If the allergy is caused by cat hair, then a Sphynx can be a good solution as although they’re not completely hairless, they have a lot less hair than a regular cat.
If you suffer from the protein allergy then you will be also allergic to a Sphynx as any other cat. There is a common misconception that people won’t be allergic to Sphynx cats because they’re hairless.
Unfortunately, this has meant that many people have sadly had to give up their Sphynx after they have realized that a family member is suffering allergies. If you think that you or a family member may be allergic to cats, it is a very good idea to spend some time with a Sphynx to confirm this before you go ahead and welcome one into your home.
If you have carefully considered all of the factors outlined above and you are still confident that you would make a good owner for a Sphynx cat, then congratulations!! Welcome to the exclusive Sphynx cat community!
Now we can get into even greater detail about how to find your perfect Sphynx and how to best care for it.
Knowing Whether Your Sphynx Is Sick
There are several things that will guide you in understanding whether your Sphynx is in pain or ill. Look for any sudden changes in the behaviour or attitude of your cat as these may be an indication of a health problem. Some of the changes that you should be looking out for include:
- Loss of appetite
- Hiding and/or refusing to interact with humans and other animals
- Tiredness and lethargic behaviour
- Failure to groom OR excessive attention to a particular area of the body (such as continually licking or biting a wound or scratch)
- Sitting or lying in unusual positions or moving with stiffness and soreness
- Failure to use the litter tray where they have previously done so
- Changes in levels of vocalisation (making more or less noise than usual)
- Being more agitated or aggressive than normal
- Puffing, panting, wheezing or other changes to breathing patterns
- Unusual weight gain or loss
Another sign to look for are any general changes in your Sphynx’s overall attitude and behaviour. This, of course, relies on you having a good understanding of what the normal behaviour is for your Sphynx. All animals break up the hours in their day in a fairly consistent way, depending on their environment, breed and personality. For instance, a certain cat may spend about 16 hours a day, 5 hours playing and grooming and the remainder of the time eating and exploring. Take note of the way that your cat generally structures its day and then observe for any changes in this behaviour.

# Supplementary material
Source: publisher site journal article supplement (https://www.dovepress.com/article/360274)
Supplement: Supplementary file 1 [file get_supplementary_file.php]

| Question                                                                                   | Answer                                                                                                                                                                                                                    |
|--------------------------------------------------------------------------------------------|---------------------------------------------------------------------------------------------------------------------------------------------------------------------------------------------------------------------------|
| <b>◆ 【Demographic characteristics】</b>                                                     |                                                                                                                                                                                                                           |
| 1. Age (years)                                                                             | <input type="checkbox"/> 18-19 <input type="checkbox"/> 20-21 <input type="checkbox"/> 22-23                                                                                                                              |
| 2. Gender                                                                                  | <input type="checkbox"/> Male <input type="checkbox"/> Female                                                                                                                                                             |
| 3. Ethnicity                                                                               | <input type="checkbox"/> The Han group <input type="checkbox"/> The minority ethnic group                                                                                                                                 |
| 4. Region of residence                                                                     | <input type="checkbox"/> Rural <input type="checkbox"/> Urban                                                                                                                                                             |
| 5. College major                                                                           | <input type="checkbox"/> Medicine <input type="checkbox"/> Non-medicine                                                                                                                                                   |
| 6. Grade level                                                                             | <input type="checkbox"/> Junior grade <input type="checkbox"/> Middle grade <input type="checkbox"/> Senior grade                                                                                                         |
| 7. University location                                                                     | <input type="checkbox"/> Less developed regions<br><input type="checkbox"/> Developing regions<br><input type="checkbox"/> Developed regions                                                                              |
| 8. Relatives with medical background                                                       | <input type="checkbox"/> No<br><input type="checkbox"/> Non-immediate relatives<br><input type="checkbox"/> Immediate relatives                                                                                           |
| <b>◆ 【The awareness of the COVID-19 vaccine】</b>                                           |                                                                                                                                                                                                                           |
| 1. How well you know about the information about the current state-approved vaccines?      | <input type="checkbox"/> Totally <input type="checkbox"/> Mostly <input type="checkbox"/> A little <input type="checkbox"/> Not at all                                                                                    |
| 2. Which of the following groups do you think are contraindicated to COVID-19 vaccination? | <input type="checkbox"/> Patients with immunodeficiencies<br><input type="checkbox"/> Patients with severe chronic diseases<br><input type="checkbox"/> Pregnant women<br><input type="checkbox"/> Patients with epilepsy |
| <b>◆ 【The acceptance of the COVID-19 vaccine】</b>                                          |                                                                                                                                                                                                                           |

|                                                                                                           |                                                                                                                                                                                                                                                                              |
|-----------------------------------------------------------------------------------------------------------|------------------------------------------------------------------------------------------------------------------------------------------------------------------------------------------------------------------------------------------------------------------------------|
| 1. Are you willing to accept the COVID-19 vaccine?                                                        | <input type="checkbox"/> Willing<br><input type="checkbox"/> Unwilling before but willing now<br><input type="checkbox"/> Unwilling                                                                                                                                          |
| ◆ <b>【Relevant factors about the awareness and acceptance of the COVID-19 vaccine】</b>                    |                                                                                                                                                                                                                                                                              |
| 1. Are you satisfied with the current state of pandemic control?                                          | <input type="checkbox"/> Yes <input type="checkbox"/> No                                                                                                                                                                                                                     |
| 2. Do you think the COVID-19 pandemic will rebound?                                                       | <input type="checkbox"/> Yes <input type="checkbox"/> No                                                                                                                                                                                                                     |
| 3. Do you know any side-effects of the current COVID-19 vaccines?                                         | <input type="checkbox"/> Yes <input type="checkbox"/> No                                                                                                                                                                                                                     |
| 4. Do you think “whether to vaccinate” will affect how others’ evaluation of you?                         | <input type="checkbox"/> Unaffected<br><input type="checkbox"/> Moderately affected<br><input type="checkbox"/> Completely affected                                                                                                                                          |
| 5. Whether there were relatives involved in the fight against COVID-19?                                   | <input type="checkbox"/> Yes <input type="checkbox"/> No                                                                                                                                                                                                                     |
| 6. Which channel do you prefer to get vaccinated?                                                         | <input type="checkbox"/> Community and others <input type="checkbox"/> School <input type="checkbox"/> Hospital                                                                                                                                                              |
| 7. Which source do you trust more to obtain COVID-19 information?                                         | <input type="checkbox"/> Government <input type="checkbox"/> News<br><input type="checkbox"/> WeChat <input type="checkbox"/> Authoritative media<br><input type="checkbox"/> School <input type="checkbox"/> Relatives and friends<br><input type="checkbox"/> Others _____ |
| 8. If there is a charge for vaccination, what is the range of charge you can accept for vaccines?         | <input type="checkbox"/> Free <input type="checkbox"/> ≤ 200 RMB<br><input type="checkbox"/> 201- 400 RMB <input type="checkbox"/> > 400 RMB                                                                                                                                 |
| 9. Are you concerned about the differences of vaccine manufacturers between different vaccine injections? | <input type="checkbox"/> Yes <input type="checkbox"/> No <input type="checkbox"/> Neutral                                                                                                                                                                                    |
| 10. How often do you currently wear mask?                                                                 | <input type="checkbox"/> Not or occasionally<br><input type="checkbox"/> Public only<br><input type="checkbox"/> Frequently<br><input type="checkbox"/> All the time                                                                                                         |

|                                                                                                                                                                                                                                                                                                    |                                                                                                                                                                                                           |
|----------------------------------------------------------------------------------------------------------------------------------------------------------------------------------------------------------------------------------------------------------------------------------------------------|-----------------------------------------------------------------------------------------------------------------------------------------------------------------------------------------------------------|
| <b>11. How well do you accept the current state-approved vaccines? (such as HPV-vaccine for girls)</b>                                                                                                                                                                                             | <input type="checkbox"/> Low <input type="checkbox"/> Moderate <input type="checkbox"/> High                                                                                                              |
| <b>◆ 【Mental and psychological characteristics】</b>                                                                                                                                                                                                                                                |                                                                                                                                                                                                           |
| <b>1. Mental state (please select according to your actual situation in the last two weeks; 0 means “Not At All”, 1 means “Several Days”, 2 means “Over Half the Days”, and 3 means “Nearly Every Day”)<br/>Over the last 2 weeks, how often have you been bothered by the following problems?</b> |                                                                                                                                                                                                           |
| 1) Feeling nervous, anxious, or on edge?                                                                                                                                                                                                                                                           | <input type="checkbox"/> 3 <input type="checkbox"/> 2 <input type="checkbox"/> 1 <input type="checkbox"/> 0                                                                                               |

If you notice any of the warning signs outlined above, then there is a high likelihood that your Sphynx is ill or injured. You will then need to make an initial assessment of the seriousness of the situation and whether or not it needs immediate veterinarian attention.
If you believe the situation to be life threatening, then take the cat to an emergency vet clinic immediately. As with human health conditions, it is important not to tie up emergency treatment facilities and resources if it can wait to see the vet during regular clinic hours.
If you think that the situation is not an emergency then decide whether you are comfortable with treating your Sphynx at home or whether you will need to make an appointment to see your vet.
Declawing: Pros and Cons
Declawing is an optional surgery that some cat owners request to stop their cats from using their nails in a dangerous or offensive manner. This is usually in response to a cat who scratches people, other pets, furniture and other belongings in the home. Many people believe that this practice is cruel and inhuman and that we shouldn’t be putting our pets through surgery just to make them more convenient for our lifestyles. Many vets will attempt to suggest alternatives to declawing (such as providing a scratching post for the cat) and some will simply refuse to perform this procedure.
When a cat goes through declawing surgery the entire claw is removed from the toe. This include the cells that cause the claw to grow and part of the bone that connect the claw to the toe. It can be compared to removing a human finger from the first knuckle. The recovery process is a very painful experience for the cat. Declawing will generally only be done on the front feet as these are the ones that the cat uses for scratching.
The cat’s claws are very important in maintaining its balance and agility. Without the claws, the cat may experience difficulty with everyday movements such as walking, jumping, stretching or climbing. It will also be unable to defend itself should it find itself in a threatening situation.
Serious Risks of Declawing
There are some serious risks involved in the declawing procedure. During the surgery, the vet will apply a tourniquet to cut off the blood supply to the paw. This procedure can result in severe damage to the radial nerve which can lead to complete paralysis of the leg. There are also risks involved in the healing process as the wounds may open up and become infected. Mistakes in the surgical process have also be known to occur and this can result in misshapen claws growing back which can be very painful for the cat. The surgeon may also mistakenly remove too much or too little during declawing surgery which can result in infections and/or the need for further surgery.